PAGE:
From July to August foreclosure mortgage rate in North Carolina increased to 83% according to reliable online tracking sources. For every 1,131 houses there is one foreclosure and 69% rise in the state’s year-over-year rate.
North Carolina ranks 22nd in the foreclosure drama. Across the country foreclosures rates increased to 36% from July to August and it was 115% year to year.
Figures released by the state show that about 50,000 ARM’s started off from North Carolina in the previous year. Most the loans were in the sub-prime category. The Center for Responsible Lending in Durham is of the opinion that 17.5% of the sub-prime mortgages made in this region during 2005 to 2006 will ultimately face the ignominy of foreclosures.
In three states – Nevada, California and Florida (ranking first, second and third respectively) – there has been an unusually rapid fall in real estate foreclosure prices. This corresponds with the swift rise in foreclosure listings.
The sub-prime mortgage plans were launched aggressively few years ago with the laudable intention of making available loans to a particular section of the community who did not have the proper credentials to qualify for a prime loan. The idea was to increase the numbers of house owners in America. The initial rates were teasers with little or no down payments and interest-only tempters.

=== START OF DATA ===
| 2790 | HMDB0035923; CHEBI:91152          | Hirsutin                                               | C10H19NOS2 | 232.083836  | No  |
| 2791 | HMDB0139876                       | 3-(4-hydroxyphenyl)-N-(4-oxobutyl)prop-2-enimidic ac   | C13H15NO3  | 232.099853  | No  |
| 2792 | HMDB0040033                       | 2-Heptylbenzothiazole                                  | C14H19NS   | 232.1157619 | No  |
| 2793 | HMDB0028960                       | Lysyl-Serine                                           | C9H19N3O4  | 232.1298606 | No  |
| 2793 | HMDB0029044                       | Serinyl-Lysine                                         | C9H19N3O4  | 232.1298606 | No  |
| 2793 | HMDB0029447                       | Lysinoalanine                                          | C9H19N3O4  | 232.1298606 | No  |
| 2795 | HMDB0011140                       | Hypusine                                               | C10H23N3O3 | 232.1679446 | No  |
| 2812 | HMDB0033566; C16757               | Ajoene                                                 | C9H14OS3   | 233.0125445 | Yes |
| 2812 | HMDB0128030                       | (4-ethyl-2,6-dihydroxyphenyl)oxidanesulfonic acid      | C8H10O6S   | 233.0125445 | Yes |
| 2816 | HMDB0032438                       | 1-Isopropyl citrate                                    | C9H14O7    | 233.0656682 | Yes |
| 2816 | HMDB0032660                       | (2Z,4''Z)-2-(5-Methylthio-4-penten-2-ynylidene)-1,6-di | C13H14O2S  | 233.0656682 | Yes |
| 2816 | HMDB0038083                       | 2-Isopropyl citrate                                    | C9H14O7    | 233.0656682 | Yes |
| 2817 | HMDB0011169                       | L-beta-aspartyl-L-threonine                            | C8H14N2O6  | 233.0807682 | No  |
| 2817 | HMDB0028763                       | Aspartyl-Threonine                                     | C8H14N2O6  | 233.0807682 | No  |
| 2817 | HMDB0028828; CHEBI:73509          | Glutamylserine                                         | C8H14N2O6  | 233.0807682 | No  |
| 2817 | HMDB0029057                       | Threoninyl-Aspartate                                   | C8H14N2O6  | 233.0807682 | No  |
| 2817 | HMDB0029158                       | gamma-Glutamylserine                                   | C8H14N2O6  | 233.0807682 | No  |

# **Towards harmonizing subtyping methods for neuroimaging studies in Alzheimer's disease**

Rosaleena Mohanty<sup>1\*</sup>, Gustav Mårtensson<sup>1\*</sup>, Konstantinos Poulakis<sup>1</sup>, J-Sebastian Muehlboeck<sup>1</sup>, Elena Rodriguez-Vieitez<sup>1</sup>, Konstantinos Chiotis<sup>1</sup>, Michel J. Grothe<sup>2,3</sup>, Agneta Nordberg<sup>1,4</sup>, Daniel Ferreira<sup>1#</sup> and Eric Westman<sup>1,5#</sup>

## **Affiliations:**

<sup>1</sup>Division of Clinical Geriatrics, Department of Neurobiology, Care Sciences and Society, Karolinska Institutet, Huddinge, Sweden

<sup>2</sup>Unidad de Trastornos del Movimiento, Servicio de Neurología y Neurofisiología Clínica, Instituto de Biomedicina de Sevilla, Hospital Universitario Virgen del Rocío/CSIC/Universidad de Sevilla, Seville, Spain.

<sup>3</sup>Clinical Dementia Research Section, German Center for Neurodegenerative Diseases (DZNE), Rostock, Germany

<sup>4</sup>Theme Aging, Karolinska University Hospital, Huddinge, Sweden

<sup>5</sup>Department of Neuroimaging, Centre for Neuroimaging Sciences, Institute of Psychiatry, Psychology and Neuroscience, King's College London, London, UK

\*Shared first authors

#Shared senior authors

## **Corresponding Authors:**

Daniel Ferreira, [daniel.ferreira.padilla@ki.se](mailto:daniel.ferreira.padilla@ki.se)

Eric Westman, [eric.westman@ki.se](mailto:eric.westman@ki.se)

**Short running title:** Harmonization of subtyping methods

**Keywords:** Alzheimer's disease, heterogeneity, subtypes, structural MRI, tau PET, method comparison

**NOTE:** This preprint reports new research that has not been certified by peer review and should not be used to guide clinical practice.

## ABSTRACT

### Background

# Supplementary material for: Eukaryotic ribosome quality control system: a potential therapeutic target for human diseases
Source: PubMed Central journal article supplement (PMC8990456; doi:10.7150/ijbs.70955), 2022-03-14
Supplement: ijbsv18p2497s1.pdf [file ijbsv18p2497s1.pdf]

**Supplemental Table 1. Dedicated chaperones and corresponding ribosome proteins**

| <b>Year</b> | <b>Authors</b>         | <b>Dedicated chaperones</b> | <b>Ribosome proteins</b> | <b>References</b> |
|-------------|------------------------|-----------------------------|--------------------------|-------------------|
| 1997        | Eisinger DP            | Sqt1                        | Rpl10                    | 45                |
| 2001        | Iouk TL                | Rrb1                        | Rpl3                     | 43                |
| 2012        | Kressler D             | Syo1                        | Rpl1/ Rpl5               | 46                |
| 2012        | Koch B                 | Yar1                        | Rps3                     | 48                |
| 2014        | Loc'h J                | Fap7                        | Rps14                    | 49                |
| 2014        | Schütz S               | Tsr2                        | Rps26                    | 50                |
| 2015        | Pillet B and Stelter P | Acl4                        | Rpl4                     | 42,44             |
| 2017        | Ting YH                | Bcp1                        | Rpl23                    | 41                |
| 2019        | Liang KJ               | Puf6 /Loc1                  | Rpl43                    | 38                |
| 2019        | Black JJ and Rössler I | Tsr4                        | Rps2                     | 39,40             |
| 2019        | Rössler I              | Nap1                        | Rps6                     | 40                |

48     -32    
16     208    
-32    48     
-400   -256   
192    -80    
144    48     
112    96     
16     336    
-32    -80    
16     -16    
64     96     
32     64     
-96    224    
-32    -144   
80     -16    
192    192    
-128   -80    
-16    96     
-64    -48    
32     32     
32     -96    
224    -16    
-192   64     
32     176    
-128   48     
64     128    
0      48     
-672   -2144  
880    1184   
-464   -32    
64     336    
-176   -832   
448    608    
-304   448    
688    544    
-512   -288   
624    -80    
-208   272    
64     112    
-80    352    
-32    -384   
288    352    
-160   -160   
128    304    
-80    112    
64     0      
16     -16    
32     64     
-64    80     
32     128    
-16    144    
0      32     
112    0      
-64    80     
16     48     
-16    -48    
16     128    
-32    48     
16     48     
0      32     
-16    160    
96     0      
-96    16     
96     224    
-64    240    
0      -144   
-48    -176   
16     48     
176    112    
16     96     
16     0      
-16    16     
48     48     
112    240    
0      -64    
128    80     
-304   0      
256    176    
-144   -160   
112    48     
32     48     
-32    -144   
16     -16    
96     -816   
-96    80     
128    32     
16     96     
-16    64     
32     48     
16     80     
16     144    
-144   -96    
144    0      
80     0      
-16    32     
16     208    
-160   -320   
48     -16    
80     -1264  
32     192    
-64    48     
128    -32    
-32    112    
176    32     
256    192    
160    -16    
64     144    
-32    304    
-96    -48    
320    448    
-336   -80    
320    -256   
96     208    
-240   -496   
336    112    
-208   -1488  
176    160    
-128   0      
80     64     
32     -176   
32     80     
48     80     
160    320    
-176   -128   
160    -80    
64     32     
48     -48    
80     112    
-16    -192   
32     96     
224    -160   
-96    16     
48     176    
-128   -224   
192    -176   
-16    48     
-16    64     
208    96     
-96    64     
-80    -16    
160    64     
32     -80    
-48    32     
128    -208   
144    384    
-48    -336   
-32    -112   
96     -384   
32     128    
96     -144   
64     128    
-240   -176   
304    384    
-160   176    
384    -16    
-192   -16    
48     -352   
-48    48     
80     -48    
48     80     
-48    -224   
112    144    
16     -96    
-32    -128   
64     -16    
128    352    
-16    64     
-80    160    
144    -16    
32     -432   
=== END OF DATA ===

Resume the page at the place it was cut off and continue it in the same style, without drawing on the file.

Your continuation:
But the adjustable rates soon began to reset for the worse. The borrowers could not meet the new demands – which had sometimes more than doubled. More borrowers began to fall behind in payment and were issued foreclosure notices. The number of foreclosure listings rose to such alarming proportions that Wall Street began to sit up and ripples were felt all over globe.
The situation spread beyond the narrow limits of the borrower-lender zone. It began to shake the socio-economic climate of the entire nation. With monthly dues not trickling in mortgage companies found a credit crunch. Many downed their shutters. Others tightened their lending practices but this had a negative impact on the market.
With no buyers there were no takers for the innumerable units of foreclosed homes going into auction. Real estate prices began to fall. It kept on falling. Lenders lost their last chance of paying off dues by selling off the property. But under the present circumstances the property had little equity left. The government is now being forced to sit up.